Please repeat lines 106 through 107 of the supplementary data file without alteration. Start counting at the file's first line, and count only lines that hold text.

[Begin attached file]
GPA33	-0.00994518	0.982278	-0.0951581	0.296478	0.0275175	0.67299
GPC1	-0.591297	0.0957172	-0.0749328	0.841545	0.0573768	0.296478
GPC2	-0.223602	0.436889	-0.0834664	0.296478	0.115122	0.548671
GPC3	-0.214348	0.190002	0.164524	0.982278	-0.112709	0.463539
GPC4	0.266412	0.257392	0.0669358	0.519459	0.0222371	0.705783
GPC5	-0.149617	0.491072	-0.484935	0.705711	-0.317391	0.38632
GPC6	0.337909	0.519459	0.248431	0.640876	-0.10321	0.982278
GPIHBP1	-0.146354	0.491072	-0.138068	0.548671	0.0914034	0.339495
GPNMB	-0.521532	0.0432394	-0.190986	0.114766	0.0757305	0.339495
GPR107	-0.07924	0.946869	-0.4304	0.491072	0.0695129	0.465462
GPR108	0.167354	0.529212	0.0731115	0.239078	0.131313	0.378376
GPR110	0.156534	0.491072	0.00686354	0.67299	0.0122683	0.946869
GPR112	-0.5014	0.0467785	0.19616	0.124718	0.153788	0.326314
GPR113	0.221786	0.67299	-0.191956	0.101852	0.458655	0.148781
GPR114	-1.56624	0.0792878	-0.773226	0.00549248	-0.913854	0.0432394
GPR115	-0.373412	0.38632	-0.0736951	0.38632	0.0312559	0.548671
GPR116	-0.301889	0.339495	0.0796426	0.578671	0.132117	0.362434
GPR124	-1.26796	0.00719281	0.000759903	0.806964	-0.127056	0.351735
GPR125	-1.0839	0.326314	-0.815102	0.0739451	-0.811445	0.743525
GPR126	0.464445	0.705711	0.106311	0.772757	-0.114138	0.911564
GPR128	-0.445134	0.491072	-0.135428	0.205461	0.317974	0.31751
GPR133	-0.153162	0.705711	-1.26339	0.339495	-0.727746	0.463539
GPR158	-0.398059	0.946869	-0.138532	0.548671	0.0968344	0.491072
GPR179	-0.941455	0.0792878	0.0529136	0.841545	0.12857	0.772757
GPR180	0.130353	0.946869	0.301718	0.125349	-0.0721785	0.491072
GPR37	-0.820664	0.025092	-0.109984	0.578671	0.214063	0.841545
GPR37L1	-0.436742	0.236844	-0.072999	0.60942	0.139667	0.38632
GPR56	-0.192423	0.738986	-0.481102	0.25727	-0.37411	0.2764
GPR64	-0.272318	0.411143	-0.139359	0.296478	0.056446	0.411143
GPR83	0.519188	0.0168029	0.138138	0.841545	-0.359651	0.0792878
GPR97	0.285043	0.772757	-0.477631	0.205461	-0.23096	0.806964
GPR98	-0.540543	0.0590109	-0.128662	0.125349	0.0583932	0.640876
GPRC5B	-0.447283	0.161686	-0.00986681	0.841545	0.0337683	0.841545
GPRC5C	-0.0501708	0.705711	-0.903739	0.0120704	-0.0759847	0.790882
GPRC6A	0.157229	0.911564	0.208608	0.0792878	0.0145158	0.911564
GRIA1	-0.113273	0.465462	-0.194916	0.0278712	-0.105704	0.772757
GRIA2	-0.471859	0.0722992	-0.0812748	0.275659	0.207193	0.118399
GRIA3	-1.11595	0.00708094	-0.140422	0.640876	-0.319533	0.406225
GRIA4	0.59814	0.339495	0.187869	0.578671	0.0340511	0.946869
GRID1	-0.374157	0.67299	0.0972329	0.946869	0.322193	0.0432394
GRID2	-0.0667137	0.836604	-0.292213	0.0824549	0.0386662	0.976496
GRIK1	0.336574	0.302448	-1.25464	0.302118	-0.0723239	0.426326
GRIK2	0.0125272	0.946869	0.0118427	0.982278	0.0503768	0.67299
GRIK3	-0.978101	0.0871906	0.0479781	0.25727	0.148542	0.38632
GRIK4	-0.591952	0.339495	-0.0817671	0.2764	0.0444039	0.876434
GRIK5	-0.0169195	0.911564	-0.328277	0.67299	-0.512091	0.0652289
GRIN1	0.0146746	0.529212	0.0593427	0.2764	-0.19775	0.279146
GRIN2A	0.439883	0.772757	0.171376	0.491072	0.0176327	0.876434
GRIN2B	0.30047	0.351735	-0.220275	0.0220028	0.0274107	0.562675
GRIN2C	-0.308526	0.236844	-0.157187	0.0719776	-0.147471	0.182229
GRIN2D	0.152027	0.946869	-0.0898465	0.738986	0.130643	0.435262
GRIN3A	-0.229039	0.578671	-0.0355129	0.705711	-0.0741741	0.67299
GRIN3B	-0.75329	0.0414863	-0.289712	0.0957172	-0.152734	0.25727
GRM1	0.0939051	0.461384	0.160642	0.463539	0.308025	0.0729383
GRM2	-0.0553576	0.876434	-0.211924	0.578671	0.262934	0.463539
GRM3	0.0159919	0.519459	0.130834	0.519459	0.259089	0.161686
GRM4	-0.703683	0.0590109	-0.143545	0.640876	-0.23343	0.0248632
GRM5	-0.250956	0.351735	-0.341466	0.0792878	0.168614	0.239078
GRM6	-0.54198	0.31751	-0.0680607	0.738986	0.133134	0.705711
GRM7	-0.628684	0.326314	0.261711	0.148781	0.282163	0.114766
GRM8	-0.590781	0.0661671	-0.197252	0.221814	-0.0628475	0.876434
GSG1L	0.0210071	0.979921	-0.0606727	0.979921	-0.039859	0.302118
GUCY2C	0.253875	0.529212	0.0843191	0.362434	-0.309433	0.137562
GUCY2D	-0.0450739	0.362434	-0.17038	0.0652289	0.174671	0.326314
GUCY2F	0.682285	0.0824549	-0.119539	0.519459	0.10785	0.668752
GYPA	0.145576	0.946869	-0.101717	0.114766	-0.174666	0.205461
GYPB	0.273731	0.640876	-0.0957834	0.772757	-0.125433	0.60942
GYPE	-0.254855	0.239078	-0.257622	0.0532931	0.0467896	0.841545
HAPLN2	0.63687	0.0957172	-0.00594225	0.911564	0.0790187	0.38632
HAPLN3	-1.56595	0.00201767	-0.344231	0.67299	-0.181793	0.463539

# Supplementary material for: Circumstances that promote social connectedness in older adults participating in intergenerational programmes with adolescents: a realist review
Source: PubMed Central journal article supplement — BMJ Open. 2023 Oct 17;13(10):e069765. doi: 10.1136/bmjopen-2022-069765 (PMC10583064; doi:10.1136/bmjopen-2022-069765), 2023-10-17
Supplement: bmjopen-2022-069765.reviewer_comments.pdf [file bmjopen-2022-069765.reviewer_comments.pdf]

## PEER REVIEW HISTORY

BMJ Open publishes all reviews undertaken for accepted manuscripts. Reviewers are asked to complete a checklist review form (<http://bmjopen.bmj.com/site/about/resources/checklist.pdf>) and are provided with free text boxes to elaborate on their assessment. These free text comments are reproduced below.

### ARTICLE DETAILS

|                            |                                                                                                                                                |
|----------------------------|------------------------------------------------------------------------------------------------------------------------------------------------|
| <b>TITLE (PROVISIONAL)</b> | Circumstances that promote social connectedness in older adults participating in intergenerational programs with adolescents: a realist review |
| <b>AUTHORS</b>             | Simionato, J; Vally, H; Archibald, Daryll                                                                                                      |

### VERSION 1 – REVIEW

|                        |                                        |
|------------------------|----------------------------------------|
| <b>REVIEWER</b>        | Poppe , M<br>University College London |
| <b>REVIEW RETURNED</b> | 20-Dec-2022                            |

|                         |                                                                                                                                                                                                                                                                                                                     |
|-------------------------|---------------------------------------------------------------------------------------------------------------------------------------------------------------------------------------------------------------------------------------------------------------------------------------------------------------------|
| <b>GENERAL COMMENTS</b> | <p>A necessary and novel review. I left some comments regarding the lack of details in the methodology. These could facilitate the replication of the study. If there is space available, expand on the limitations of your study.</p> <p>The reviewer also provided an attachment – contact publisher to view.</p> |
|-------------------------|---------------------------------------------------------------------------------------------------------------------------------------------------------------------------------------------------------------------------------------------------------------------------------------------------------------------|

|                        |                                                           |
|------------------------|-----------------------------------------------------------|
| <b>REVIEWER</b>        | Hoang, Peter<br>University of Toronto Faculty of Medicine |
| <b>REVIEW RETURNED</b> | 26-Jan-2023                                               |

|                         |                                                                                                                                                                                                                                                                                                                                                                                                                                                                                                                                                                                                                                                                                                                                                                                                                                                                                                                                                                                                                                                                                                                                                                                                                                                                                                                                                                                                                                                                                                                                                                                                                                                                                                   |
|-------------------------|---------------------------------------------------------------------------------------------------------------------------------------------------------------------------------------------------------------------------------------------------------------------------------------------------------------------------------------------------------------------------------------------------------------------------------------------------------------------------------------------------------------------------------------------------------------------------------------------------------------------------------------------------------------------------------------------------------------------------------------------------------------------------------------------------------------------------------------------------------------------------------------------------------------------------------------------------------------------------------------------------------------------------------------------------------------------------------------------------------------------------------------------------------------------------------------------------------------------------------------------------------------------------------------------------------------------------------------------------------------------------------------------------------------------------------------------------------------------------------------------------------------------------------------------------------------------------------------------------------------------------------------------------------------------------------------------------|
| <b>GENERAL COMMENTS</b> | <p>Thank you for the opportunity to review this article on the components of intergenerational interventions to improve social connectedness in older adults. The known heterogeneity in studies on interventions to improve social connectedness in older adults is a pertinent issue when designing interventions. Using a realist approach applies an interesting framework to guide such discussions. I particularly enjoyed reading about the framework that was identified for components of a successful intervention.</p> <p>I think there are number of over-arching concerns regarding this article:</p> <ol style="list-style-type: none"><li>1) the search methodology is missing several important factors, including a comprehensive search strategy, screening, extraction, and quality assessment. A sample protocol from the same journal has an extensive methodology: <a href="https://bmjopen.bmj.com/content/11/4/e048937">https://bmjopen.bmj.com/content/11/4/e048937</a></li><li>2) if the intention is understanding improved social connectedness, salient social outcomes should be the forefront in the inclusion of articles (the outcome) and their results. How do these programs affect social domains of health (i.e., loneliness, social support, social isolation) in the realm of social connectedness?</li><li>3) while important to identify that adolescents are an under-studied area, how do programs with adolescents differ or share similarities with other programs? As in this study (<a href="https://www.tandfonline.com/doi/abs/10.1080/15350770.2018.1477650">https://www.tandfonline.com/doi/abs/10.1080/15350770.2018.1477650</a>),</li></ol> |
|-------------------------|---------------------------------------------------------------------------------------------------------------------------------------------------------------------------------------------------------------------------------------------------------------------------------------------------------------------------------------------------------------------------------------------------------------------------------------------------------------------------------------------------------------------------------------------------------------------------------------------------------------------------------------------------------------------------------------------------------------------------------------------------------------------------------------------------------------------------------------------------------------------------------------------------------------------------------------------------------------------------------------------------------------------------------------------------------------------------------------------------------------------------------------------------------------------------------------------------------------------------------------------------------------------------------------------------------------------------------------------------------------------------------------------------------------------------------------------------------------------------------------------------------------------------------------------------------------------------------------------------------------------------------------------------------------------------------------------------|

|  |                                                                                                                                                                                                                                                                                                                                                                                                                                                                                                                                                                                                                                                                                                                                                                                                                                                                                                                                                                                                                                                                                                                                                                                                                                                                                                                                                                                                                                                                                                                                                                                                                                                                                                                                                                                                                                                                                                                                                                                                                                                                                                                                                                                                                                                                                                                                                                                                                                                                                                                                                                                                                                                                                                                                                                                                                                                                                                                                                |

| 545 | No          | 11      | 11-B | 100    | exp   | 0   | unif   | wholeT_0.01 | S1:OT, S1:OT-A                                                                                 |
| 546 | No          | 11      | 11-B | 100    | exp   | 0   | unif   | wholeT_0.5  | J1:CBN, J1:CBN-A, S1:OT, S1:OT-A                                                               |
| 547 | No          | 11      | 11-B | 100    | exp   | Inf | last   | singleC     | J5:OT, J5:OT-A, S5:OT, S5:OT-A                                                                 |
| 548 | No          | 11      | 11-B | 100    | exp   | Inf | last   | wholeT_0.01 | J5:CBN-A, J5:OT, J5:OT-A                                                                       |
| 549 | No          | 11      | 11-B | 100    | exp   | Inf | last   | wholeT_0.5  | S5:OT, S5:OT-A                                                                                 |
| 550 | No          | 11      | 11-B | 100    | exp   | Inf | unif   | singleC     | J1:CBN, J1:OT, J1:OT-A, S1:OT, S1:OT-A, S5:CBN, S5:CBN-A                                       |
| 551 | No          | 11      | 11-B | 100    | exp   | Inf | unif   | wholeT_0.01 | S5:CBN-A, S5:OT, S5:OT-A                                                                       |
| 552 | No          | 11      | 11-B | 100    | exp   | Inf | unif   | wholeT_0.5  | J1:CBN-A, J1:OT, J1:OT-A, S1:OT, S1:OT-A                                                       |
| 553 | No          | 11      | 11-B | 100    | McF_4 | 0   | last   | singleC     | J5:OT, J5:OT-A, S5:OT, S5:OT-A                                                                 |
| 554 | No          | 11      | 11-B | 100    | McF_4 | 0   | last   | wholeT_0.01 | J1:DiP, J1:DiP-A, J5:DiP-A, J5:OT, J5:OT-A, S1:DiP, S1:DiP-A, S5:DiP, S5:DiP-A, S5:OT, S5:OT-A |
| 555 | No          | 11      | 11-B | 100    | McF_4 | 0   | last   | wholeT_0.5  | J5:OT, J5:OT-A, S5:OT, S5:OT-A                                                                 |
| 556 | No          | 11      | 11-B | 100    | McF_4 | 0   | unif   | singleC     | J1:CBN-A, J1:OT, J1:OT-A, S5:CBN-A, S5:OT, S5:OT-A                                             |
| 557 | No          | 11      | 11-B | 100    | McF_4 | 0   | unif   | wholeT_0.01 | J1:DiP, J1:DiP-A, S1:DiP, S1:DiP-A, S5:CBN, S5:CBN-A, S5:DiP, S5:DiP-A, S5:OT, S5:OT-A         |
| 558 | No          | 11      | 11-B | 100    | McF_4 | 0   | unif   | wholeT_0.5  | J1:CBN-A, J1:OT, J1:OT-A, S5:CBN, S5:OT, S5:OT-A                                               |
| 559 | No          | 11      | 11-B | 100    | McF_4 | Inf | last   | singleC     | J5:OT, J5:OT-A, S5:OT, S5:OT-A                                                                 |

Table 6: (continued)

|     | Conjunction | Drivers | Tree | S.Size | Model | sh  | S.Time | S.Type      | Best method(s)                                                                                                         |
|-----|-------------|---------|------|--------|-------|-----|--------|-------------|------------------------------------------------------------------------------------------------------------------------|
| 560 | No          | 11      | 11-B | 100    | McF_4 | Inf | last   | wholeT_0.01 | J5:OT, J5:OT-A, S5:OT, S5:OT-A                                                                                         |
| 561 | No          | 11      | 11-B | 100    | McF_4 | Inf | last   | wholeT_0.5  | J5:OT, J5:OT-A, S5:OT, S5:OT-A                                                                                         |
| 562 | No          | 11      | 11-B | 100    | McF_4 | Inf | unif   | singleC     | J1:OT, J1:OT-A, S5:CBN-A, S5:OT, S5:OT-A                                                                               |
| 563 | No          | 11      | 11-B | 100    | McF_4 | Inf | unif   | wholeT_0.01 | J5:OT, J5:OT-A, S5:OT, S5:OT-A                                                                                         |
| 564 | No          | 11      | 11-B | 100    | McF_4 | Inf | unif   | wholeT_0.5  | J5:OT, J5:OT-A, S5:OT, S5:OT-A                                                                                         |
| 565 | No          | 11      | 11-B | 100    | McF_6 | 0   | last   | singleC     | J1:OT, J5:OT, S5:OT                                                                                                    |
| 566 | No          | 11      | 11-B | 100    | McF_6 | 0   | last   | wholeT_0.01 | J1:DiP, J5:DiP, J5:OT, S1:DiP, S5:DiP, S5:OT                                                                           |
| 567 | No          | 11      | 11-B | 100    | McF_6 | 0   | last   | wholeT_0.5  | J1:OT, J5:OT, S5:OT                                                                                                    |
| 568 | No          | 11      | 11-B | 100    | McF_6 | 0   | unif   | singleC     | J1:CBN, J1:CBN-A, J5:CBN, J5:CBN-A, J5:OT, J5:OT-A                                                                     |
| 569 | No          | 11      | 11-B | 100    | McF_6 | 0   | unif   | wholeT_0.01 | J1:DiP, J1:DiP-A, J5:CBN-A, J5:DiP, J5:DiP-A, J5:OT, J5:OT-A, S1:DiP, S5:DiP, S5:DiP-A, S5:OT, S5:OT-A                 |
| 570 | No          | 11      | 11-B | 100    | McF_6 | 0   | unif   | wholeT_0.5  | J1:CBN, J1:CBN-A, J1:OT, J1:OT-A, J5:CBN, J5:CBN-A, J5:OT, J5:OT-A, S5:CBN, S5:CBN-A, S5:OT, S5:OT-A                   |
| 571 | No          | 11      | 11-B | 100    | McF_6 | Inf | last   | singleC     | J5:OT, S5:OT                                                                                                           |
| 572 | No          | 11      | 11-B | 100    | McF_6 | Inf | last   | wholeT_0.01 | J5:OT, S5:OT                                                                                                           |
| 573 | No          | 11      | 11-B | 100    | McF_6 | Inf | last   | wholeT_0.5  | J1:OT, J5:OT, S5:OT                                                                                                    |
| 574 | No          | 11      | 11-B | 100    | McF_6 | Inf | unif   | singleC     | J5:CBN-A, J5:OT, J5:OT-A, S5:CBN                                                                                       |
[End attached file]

| 552 | No          | 11      | 11-B | 100    | exp   | Inf | unif   | wholeT_0.5  | J1:CBN-A, J1:OT, J1:OT-A, S1:OT, S1:OT-A                                                       |
| 553 | No          | 11      | 11-B | 100    | McF_4 | 0   | last   | singleC     | J5:OT, J5:OT-A, S5:OT, S5:OT-A                                                                 |